India NW : 05 Oct – 28 Oct 15

The window was closing to ride the Himalayas. Winter was coming. Brendan, a retired Aussie and wealth of information on riding Royal Enfields up rough roads who we bumped into in Nepal, rated the Ladakh region up there with the best. We had a quick diversion to Delhi for an Iranian visa, then we beelined north. There are 1.3 billion Indians. Half of them are under 25 and most of them on the road seem to be trying their best to kill you. After a day of near misses and clogged air filters, we opted for the Indian railway… it’s excellent. You dodge the traffic, take in the scenery and get dropped off in downtown Delhi. Delhi must be smelt to be believed. People urinate in public and the trash is piled high. The next day turnaround on the visas was a good excuse to get out of town and see the Taj Mahal.

Taj Mahal

Shah Jahan, the Mughal Emperor of his time, had two wives who bore him no children. His third wife, Mumtaz Mahal, bore him 14 children and died in childbirth. I think she deserved a medal. Shah Jahan thought she needed a tomb that cost his empire AU$1 billion (adjusted to modern times). The marble looks good, but it is also porous and turns yellow from air pollution. This has necessitated an indefinite process of cleaning small sections at a time with clay packs, which we saw at the back right tower during our visit. To put this expense in perspective, the Sydney Opera House cost almost the same amount, but has utility to match its looks.

Manali to Srinigar

With visas in hand, we returned to Rampur via railway and rode to Rishikesh for some up to date weather information. The consensus was that mid-October was a bad time to do the Himalayas. It could snow any day. We’d spent too long staring at pictures of the Himalayas back home, so proceeded north anyway. In Manali you get a permit to ride to Leh. The permit both subsidizes road improvements and caps the number of vehicles so you don’t end up in a traffic jam on the mountain. From Manali onwards to Leh, the riding gets better and better.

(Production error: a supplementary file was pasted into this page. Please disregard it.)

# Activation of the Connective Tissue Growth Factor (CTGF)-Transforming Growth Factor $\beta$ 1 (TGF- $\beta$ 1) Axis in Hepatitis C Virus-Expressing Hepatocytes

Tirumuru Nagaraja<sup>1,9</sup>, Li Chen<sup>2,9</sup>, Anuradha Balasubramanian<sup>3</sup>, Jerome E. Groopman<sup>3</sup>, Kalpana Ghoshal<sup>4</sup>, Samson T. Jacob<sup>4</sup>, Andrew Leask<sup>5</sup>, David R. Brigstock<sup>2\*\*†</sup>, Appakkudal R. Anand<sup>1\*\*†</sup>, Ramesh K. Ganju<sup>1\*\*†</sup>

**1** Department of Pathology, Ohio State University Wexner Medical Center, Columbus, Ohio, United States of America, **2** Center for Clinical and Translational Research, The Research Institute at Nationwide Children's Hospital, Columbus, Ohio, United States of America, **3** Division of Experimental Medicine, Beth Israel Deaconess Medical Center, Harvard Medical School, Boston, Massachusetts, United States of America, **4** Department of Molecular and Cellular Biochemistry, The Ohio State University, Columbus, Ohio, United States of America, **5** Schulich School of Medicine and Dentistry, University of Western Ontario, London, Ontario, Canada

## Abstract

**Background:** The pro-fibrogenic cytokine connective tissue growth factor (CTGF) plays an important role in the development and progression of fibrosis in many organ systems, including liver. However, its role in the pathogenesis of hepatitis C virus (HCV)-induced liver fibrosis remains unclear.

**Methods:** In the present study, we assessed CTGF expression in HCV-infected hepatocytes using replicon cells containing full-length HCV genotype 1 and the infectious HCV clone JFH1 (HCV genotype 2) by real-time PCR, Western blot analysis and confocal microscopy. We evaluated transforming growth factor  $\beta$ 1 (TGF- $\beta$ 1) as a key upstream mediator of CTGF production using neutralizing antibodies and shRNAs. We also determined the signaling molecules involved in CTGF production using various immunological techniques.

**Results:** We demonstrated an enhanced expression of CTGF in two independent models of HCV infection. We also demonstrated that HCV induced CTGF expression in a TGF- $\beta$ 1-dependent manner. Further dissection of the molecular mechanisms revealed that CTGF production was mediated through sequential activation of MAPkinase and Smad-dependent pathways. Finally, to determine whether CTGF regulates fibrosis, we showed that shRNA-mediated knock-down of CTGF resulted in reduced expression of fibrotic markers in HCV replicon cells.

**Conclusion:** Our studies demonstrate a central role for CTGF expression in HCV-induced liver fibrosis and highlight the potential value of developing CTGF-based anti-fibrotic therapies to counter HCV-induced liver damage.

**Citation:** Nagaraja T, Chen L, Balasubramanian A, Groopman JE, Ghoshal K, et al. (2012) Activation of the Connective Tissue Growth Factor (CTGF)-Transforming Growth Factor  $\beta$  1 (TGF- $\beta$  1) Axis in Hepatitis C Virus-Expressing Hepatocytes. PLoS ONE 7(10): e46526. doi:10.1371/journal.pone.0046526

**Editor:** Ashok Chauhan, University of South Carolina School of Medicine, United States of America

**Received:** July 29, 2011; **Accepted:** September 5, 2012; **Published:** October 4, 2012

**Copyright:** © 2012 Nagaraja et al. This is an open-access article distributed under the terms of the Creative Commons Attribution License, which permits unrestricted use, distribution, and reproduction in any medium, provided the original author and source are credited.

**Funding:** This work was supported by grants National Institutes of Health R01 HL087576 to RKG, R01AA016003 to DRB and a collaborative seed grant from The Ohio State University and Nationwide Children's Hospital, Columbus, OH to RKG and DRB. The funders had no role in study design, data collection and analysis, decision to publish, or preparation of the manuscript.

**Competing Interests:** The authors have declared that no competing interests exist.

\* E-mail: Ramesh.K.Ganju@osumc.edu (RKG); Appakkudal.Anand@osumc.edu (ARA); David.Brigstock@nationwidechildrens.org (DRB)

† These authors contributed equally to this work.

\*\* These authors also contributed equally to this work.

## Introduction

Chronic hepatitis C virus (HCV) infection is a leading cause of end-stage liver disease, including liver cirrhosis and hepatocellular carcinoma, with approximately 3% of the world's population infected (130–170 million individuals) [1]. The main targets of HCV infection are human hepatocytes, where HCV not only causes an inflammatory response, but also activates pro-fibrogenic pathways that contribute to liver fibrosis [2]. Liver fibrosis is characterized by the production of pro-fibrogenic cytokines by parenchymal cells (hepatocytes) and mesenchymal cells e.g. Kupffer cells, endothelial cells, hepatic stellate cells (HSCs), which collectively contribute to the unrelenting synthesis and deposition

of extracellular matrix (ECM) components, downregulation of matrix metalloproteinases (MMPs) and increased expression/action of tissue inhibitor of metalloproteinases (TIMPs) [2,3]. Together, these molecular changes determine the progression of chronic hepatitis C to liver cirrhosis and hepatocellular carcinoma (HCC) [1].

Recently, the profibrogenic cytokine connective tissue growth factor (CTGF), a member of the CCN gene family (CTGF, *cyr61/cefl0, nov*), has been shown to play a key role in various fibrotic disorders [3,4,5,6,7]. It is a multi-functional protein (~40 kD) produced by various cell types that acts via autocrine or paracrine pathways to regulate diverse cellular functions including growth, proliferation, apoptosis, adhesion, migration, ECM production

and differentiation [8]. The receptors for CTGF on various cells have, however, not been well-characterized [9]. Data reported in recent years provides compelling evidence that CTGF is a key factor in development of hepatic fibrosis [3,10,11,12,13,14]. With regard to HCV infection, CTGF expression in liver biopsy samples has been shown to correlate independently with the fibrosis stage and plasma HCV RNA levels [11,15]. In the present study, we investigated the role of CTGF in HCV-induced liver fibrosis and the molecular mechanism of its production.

The first of many mountain crossings is Rohtang aka “Pile of Corpses” Pass. It was apparently a bad place to get caught out in inclement weather. There’s now a series of switchbacks on the sealed road to the top, then matching dirt switchbacks on the other side with a few boulders that haven’t been cleared since the last landslides.

The yearly landslides and road closures, coupled with an interest in border security, is what’s leading major work on tunnels and perfect roads all the way to Leh within the next 5 years. The organisation doing this work is the Border Roads Organisation, or BRO.



We’d made it just past Jispa when we came upon a rope drawn across the road. We could see snow falling on the mountain ahead. A BRO employee waved us into his tent/office at the side of the road. It had a desk, a bed and the rest of the tent was piled high with firewood. I shivered thinking how cold his nights must be. He said it was snowing on Baralacha-la Pass and we wouldn’t want to be up there nor stuck in the next valley for the night if we made it through. We were glad to hold out riding into a snowstorm for another day.He gave us a hot cuppa masala and his number to call in the morning for a weather update. We backtracked through the sleet to Keylong to wait it out. It’s in the unlikeliest places you find the best chapati. We woke the next day to a 48 hour window of blue skies – enough time to fully appreciate the route up to Leh, and the best riding of the trip. It lives up to it’s name as “The Land of Paradise”.

Up around the village of Pang, BRO is knocking in perfect roads at over 4600m. This involves breaking rocks, pushing barrows and general hard graft. Men, women and children are involved. If you’ve blasted up to this altitude on the motorbike, standing up from dinner leaves you out of breath. These are hardy people!

Leh seems a peaceful place. It has a big Tibetan refugee population, and a lot of Indian military on the streets. It was in the middle of a beautification process, which means the streets in the centre were torn up and didn’t look all that nice.